My internal roadmaps contain a section dedicated to the streets of Manchester in the 1960s. Most of these monochrome memories start from Oxford Road station with its three wooden conoid roofs, a remarkable building for its time with echoes of the Sydney Opera House. Even a self-absorbed teenager noticed such things but when it came to railways, I had previous. An avid trainspotter from the age of eight, what else was there to do, I knew Manchester’s stations intimately: Manchester Central, Piccadilly, Victoria and Exchange – all of them dark, filthy and rundown – hell’s Cathedrals. This was the norm, this was all I knew – smog, steam and rain – the assumption was that this was the way everything ended, Oxford Road included, the station where most of our journeys on clackety closed compartment trains from Altrincham would finish.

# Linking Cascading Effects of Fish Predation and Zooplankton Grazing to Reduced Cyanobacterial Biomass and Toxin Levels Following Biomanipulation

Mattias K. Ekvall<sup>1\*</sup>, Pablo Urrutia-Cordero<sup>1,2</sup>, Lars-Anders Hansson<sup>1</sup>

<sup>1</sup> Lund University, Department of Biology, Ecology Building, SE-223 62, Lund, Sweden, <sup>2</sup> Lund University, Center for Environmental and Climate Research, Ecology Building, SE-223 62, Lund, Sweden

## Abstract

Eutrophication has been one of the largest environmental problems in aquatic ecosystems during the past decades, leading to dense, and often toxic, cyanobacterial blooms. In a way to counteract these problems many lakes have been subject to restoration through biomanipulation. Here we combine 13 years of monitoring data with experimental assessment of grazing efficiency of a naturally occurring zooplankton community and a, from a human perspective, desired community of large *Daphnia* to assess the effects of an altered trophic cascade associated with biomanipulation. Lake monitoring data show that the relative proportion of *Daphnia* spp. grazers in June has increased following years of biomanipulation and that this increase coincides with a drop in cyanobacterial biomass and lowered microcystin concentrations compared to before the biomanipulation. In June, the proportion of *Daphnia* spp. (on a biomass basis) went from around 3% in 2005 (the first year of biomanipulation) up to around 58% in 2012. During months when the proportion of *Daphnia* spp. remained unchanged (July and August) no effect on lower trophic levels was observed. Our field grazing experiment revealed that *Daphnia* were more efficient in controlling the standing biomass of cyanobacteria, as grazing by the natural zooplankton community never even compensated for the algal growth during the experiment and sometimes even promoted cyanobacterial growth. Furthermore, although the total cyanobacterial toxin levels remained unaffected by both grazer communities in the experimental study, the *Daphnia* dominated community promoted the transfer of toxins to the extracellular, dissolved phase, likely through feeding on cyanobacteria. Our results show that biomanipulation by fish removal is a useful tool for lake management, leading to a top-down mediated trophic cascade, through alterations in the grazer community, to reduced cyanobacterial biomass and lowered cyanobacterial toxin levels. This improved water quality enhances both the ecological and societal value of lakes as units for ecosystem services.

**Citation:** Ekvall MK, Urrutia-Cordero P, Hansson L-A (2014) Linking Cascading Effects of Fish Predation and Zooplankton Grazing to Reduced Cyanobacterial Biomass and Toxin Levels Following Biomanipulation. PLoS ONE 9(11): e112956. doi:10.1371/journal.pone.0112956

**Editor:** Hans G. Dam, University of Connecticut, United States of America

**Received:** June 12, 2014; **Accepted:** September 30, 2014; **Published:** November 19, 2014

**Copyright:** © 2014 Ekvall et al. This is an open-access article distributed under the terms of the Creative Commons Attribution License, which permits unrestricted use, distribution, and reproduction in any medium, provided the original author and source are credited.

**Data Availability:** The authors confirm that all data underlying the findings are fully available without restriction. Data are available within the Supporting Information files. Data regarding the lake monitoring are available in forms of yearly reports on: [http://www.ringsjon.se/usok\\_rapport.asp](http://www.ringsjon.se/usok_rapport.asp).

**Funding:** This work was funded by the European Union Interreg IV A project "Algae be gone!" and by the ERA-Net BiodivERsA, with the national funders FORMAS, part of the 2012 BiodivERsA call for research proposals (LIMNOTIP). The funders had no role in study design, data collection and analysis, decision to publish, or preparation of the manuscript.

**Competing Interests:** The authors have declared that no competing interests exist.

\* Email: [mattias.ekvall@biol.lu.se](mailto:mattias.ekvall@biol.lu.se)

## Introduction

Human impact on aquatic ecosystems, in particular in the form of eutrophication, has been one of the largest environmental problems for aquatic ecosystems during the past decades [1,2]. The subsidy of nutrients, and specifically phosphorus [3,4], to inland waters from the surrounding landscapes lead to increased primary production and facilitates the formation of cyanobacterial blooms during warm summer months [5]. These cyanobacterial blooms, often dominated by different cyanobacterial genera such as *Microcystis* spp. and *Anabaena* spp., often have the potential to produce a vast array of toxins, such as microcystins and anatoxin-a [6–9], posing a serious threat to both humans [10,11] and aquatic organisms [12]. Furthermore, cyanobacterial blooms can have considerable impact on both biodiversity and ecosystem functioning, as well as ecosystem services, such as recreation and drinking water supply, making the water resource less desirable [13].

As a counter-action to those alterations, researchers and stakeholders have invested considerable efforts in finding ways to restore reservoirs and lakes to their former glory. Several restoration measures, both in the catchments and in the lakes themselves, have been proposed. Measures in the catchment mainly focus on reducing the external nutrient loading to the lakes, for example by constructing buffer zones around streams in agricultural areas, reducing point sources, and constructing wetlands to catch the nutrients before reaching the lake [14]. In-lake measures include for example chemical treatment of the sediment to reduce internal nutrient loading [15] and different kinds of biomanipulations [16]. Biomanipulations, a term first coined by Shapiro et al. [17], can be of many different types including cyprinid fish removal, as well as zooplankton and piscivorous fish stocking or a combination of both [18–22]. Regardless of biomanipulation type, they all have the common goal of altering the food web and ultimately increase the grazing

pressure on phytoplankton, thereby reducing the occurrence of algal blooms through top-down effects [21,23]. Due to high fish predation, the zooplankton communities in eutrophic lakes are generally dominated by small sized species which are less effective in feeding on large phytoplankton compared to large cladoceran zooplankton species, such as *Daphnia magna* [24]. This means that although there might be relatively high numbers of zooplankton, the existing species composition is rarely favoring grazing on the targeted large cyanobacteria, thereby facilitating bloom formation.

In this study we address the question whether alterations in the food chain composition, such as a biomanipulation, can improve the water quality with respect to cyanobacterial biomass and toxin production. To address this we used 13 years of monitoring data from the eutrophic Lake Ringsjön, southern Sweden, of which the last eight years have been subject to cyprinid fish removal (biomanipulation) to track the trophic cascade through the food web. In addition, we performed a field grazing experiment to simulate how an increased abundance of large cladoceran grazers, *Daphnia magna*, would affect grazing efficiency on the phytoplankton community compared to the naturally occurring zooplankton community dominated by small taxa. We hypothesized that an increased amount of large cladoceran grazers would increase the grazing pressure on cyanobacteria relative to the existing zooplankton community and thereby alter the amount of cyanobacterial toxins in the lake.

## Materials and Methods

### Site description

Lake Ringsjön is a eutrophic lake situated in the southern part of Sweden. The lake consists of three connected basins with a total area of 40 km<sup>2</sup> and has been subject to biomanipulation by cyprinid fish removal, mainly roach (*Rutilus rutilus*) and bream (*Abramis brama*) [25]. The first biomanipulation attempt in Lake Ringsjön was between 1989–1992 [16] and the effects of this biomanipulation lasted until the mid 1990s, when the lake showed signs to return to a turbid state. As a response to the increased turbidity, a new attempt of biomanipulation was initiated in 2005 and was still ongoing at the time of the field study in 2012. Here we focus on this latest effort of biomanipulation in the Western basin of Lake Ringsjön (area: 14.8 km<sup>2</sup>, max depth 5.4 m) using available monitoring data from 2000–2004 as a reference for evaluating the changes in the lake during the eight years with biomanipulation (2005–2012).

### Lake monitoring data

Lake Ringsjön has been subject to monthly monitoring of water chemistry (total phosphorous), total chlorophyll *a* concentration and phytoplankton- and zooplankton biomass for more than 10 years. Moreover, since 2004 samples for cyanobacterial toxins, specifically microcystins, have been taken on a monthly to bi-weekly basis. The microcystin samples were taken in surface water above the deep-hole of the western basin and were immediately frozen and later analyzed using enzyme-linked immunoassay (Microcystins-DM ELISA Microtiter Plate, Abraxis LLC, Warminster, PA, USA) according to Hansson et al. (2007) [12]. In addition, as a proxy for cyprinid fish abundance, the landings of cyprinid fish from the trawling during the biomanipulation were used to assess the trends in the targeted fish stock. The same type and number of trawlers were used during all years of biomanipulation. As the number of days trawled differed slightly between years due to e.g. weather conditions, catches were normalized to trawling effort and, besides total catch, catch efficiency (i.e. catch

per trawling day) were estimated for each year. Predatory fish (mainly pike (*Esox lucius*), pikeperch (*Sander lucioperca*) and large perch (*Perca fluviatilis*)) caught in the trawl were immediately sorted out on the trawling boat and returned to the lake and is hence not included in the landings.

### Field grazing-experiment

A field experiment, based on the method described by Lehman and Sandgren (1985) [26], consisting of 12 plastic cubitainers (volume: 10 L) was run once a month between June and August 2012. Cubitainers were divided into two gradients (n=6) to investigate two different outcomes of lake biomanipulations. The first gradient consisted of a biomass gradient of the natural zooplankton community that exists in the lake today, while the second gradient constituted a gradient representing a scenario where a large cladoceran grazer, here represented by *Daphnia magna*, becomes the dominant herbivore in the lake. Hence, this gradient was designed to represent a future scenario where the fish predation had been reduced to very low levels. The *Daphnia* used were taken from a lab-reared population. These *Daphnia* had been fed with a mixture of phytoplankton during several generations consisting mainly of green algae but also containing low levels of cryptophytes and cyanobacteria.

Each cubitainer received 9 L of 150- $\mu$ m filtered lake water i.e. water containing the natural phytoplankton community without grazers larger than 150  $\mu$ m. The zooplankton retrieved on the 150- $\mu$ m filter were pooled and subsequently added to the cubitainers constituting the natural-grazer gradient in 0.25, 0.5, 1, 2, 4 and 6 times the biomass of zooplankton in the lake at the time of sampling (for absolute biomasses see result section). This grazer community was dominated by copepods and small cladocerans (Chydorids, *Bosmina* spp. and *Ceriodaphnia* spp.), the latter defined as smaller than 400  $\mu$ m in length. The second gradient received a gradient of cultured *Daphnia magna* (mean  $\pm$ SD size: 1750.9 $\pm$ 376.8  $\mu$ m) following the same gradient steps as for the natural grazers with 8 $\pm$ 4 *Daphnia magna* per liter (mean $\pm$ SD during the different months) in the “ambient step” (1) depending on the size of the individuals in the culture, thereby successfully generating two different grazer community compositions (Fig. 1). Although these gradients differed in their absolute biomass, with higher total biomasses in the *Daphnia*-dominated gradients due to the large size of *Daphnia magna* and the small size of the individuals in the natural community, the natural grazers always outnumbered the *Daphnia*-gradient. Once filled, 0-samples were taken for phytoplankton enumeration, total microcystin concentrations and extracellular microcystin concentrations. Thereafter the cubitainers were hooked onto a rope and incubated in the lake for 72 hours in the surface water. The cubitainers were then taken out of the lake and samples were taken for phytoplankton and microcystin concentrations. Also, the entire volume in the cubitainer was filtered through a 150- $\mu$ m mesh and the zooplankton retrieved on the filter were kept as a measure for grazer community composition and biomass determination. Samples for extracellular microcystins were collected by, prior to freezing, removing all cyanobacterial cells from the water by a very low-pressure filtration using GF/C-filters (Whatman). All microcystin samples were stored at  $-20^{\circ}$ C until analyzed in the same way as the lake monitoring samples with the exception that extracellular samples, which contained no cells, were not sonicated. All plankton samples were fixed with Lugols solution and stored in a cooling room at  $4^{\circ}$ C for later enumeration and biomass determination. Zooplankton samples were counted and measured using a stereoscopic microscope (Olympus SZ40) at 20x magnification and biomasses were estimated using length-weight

Down Station Approach to the left was the Corner House Cinema specialising in ‘adult entertainment’ and to the right, along Oxford Road, was the Family Planning shop, nothing more than a hut beneath the railway bridge. I had no use for either of these services but like forbidden fruit, they intrigued.
The main attractions were the musical instrument shops that lined the south side of Oxford Street, full of guitars and drum kits well beyond our means. At the junction with Portland Street was a sheet music shop, another frequent haunt – we were as likely to buy the sheet music as the vinyl.
St Peter’s Square is dominated by Manchester Central Library, no longer the blackened cake tin of my youth, it roughly marks the point where Oxford Street becomes Peter Street. Less than 200 yards further on is the Free Trade Hall where, on May 17th 1966, Dylan had his confrontation with Judas – “I don’t believe you” …….. “You’re a liar.”
This goes some way to explain an obsession that has not left me. My head is full of disturbing verse, none of it attributable to Wordsworth:
Inside the museums, infinity goes up on trial
Voices echo this is what salvation must be like after a while
But Mona Lisa musta had the highway blues
You can tell by the way she smiles
So when I create an image such as this, inevitably it is Visions of Johanna that conquer my mind:
“Bob Dylan – Visions of Johanna” Director: John Hillcoat